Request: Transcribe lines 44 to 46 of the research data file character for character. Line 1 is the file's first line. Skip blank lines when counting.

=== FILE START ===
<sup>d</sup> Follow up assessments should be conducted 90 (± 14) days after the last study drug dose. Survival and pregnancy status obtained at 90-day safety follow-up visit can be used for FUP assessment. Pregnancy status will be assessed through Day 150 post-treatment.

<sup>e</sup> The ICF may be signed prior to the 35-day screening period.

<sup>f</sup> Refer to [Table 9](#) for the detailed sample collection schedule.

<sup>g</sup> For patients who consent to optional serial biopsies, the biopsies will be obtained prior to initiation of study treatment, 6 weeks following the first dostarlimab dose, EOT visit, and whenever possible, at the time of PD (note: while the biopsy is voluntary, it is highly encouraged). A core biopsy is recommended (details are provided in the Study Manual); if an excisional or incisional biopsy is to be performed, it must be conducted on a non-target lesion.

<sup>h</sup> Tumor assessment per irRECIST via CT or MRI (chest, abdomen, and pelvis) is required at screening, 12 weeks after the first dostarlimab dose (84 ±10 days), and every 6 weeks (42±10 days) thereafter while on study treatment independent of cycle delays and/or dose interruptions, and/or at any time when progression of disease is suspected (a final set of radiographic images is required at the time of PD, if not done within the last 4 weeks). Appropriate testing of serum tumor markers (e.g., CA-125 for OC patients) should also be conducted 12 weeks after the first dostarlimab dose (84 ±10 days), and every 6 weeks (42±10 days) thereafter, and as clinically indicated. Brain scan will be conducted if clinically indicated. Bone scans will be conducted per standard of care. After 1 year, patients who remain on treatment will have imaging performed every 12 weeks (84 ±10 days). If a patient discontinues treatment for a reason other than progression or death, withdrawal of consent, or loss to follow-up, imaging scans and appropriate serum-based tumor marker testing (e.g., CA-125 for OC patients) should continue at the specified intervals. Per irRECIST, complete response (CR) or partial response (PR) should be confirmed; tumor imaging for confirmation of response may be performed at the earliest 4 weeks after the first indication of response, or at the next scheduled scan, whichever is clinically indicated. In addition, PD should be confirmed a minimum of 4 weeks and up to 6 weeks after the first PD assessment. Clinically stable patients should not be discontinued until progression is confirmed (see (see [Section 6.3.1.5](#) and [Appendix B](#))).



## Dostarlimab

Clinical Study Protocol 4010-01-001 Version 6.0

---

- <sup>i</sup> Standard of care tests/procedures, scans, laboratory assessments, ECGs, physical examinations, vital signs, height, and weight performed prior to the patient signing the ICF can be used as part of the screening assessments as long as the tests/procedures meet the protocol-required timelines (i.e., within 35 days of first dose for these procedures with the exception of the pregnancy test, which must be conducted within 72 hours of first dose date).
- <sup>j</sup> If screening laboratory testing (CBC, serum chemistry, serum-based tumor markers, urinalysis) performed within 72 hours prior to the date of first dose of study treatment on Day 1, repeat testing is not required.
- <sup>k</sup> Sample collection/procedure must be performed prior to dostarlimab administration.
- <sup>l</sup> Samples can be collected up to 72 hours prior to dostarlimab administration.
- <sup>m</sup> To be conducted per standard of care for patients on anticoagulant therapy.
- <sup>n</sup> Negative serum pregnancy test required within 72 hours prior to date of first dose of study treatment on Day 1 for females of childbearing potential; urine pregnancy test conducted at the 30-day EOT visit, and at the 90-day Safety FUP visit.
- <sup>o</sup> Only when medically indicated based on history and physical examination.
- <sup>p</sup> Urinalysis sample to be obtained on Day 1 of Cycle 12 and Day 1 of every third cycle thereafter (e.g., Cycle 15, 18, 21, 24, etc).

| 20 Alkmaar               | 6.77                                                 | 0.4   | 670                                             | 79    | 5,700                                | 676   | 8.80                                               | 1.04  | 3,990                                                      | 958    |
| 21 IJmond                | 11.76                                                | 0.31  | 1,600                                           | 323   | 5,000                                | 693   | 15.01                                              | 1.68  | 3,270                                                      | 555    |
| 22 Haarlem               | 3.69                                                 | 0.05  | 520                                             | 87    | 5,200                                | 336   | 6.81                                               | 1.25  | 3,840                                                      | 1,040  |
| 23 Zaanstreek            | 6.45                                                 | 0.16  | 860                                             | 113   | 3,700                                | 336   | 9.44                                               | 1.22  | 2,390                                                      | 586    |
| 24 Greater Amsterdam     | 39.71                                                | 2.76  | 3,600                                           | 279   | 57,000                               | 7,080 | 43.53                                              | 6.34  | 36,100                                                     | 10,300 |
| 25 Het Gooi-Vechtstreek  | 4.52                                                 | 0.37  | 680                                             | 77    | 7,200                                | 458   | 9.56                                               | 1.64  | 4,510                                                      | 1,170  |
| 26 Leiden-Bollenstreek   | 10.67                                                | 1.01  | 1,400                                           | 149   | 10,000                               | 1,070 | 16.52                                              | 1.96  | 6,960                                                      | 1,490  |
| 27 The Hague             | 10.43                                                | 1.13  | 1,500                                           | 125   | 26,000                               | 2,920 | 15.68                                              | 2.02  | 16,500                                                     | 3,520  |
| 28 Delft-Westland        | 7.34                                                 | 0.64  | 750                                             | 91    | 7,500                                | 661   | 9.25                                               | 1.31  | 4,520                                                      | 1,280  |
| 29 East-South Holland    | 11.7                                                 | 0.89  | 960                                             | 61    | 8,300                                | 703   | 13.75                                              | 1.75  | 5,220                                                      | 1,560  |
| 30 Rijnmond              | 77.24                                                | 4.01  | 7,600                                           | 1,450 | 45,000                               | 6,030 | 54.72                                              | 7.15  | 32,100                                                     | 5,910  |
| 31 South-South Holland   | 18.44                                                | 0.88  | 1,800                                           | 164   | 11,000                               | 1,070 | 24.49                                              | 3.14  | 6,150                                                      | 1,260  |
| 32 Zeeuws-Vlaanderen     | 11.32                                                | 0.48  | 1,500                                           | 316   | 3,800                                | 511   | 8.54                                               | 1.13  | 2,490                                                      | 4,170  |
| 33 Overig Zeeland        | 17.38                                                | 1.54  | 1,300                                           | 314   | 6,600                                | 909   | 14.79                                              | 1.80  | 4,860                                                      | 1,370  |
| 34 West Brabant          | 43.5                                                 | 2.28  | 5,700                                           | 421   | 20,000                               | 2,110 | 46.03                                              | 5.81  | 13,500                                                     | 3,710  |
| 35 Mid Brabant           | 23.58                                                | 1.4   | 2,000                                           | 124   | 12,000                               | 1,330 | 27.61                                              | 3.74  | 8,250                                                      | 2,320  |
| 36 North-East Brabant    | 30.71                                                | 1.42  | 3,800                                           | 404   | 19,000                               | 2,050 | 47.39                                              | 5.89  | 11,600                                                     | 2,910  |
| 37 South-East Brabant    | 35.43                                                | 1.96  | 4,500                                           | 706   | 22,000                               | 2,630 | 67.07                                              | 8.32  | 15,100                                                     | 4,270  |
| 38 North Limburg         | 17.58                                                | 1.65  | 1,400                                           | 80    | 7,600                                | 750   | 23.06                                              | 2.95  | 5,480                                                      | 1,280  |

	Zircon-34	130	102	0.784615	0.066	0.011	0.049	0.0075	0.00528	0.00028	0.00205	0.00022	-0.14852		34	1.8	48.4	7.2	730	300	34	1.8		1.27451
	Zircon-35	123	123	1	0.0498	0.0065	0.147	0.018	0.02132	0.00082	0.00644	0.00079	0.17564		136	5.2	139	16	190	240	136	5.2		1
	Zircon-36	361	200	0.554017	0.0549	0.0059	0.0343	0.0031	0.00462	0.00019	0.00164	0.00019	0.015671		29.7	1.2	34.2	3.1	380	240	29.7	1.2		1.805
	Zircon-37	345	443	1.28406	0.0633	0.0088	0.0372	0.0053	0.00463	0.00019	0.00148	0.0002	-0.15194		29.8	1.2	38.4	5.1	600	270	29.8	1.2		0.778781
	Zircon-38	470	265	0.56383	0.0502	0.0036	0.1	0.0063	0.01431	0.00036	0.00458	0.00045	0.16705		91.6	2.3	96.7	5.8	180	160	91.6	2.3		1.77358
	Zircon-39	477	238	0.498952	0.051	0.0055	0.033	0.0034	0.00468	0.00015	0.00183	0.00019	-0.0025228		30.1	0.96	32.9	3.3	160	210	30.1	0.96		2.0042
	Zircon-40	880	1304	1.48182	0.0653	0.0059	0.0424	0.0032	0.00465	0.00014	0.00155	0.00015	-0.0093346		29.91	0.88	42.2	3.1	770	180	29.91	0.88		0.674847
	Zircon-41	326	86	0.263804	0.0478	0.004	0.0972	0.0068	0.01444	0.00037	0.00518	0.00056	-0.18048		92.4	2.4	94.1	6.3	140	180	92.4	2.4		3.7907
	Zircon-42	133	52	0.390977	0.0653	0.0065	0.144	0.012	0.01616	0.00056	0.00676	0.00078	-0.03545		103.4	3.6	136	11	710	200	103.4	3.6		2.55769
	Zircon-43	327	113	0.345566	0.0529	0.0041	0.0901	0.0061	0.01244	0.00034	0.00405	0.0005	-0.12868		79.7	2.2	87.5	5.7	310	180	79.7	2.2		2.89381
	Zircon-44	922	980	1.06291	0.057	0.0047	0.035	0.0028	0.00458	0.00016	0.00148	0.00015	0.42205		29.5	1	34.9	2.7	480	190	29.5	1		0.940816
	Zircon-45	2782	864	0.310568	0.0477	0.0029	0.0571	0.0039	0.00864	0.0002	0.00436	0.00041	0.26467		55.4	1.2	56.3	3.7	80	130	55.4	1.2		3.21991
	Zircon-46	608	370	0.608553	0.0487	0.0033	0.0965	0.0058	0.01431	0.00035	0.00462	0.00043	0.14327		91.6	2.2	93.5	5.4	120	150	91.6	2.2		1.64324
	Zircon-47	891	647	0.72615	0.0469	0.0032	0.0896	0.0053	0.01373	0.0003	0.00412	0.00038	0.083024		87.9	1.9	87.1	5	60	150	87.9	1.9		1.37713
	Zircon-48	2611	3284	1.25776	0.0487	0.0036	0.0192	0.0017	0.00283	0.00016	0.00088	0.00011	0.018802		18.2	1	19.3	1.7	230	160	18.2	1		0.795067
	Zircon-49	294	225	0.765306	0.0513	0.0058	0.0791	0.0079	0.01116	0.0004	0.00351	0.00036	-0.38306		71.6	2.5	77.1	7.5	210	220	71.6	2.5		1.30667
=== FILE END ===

	Zircon-42	133	52	0.390977	0.0653	0.0065	0.144	0.012	0.01616	0.00056	0.00676	0.00078	-0.03545		103.4	3.6	136	11	710	200	103.4	3.6		2.55769
	Zircon-43	327	113	0.345566	0.0529	0.0041	0.0901	0.0061	0.01244	0.00034	0.00405	0.0005	-0.12868		79.7	2.2	87.5	5.7	310	180	79.7	2.2		2.89381
	Zircon-44	922	980	1.06291	0.057	0.0047	0.035	0.0028	0.00458	0.00016	0.00148	0.00015	0.42205		29.5	1	34.9	2.7	480	190	29.5	1		0.940816